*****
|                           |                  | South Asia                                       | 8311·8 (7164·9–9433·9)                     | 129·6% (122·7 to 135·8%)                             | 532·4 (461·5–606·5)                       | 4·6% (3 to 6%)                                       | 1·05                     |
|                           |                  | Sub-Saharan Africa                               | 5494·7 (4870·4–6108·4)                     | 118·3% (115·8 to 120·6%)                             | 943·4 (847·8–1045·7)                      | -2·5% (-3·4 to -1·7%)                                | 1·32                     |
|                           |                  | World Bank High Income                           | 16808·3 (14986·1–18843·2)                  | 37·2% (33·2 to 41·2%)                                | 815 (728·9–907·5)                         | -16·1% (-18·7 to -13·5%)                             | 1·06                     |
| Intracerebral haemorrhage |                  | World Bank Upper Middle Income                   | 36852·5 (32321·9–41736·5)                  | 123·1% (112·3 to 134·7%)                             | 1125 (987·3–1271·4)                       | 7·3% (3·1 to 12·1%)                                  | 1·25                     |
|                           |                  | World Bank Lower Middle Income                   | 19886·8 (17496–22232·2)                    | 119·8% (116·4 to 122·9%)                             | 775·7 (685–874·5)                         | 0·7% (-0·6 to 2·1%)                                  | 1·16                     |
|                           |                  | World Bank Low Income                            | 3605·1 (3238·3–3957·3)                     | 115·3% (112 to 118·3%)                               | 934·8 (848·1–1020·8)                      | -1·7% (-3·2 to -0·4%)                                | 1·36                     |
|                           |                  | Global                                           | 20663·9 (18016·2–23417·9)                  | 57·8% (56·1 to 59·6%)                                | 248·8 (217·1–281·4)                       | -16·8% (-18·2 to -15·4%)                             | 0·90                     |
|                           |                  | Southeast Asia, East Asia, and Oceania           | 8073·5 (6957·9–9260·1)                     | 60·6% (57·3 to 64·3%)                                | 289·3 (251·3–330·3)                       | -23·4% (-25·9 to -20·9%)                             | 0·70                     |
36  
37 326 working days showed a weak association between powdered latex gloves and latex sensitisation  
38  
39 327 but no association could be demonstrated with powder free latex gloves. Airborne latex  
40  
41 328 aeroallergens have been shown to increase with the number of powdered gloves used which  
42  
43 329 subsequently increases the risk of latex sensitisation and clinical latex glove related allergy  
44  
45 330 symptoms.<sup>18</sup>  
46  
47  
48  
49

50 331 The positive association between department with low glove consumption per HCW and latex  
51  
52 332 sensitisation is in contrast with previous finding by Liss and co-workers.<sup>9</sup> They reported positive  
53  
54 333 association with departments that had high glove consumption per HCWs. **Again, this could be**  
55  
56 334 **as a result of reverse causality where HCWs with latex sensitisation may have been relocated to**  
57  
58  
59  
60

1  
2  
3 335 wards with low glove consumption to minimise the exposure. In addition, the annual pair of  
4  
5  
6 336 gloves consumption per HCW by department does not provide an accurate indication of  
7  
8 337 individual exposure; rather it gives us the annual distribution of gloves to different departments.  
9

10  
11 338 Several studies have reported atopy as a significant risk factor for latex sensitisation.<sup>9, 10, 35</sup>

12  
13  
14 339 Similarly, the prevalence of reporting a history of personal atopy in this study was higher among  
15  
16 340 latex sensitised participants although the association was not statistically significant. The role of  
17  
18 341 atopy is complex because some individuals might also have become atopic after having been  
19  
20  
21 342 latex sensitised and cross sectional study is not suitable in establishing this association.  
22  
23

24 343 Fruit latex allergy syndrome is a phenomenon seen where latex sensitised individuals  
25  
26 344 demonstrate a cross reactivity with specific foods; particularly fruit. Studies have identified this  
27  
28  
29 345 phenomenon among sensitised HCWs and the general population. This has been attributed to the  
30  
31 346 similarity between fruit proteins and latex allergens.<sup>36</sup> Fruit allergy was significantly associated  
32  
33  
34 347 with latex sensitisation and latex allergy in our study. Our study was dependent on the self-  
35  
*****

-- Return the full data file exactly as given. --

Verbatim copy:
|                           |                  | South Asia                                       | 8311·8 (7164·9–9433·9)                     | 129·6% (122·7 to 135·8%)                             | 532·4 (461·5–606·5)                       | 4·6% (3 to 6%)                                       | 1·05                     |
|                           |                  | Sub-Saharan Africa                               | 5494·7 (4870·4–6108·4)                     | 118·3% (115·8 to 120·6%)                             | 943·4 (847·8–1045·7)                      | -2·5% (-3·4 to -1·7%)                                | 1·32                     |
|                           |                  | World Bank High Income                           | 16808·3 (14986·1–18843·2)                  | 37·2% (33·2 to 41·2%)                                | 815 (728·9–907·5)                         | -16·1% (-18·7 to -13·5%)                             | 1·06                     |
| Intracerebral haemorrhage |                  | World Bank Upper Middle Income                   | 36852·5 (32321·9–41736·5)                  | 123·1% (112·3 to 134·7%)                             | 1125 (987·3–1271·4)                       | 7·3% (3·1 to 12·1%)                                  | 1·25                     |
|                           |                  | World Bank Lower Middle Income                   | 19886·8 (17496–22232·2)                    | 119·8% (116·4 to 122·9%)                             | 775·7 (685–874·5)                         | 0·7% (-0·6 to 2·1%)                                  | 1·16                     |
|                           |                  | World Bank Low Income                            | 3605·1 (3238·3–3957·3)                     | 115·3% (112 to 118·3%)                               | 934·8 (848·1–1020·8)                      | -1·7% (-3·2 to -0·4%)                                | 1·36                     |
|                           |                  | Global                                           | 20663·9 (18016·2–23417·9)                  | 57·8% (56·1 to 59·6%)                                | 248·8 (217·1–281·4)                       | -16·8% (-18·2 to -15·4%)                             | 0·90                     |
|                           |                  | Southeast Asia, East Asia, and Oceania           | 8073·5 (6957·9–9260·1)                     | 60·6% (57·3 to 64·3%)                                | 289·3 (251·3–330·3)                       | -23·4% (-25·9 to -20·9%)                             | 0·70                     |
36  
37 326 working days showed a weak association between powdered latex gloves and latex sensitisation  
38  
39 327 but no association could be demonstrated with powder free latex gloves. Airborne latex  
40  
41 328 aeroallergens have been shown to increase with the number of powdered gloves used which  
42  
43 329 subsequently increases the risk of latex sensitisation and clinical latex glove related allergy  
44  
45 330 symptoms.<sup>18</sup>  
46  
47  
48  
49

50 331 The positive association between department with low glove consumption per HCW and latex  
51  
52 332 sensitisation is in contrast with previous finding by Liss and co-workers.<sup>9</sup> They reported positive  
53  
54 333 association with departments that had high glove consumption per HCWs. **Again, this could be**  
55  
56 334 **as a result of reverse causality where HCWs with latex sensitisation may have been relocated to**  
57  
58  
59  
60

1  
2  
3 335 wards with low glove consumption to minimise the exposure. In addition, the annual pair of  
4  
5  
6 336 gloves consumption per HCW by department does not provide an accurate indication of  
7  
8 337 individual exposure; rather it gives us the annual distribution of gloves to different departments.  
9

10  
11 338 Several studies have reported atopy as a significant risk factor for latex sensitisation.<sup>9, 10, 35</sup>

12  
13  
14 339 Similarly, the prevalence of reporting a history of personal atopy in this study was higher among  
15  
16 340 latex sensitised participants although the association was not statistically significant. The role of  
17  
18 341 atopy is complex because some individuals might also have become atopic after having been  
19  
20  
21 342 latex sensitised and cross sectional study is not suitable in establishing this association.  
22  
23

24 343 Fruit latex allergy syndrome is a phenomenon seen where latex sensitised individuals  
25  
26 344 demonstrate a cross reactivity with specific foods; particularly fruit. Studies have identified this  
27  
28  
29 345 phenomenon among sensitised HCWs and the general population. This has been attributed to the  
30  
31 346 similarity between fruit proteins and latex allergens.<sup>36</sup> Fruit allergy was significantly associated  
32  
33  
34 347 with latex sensitisation and latex allergy in our study. Our study was dependent on the self-  
35  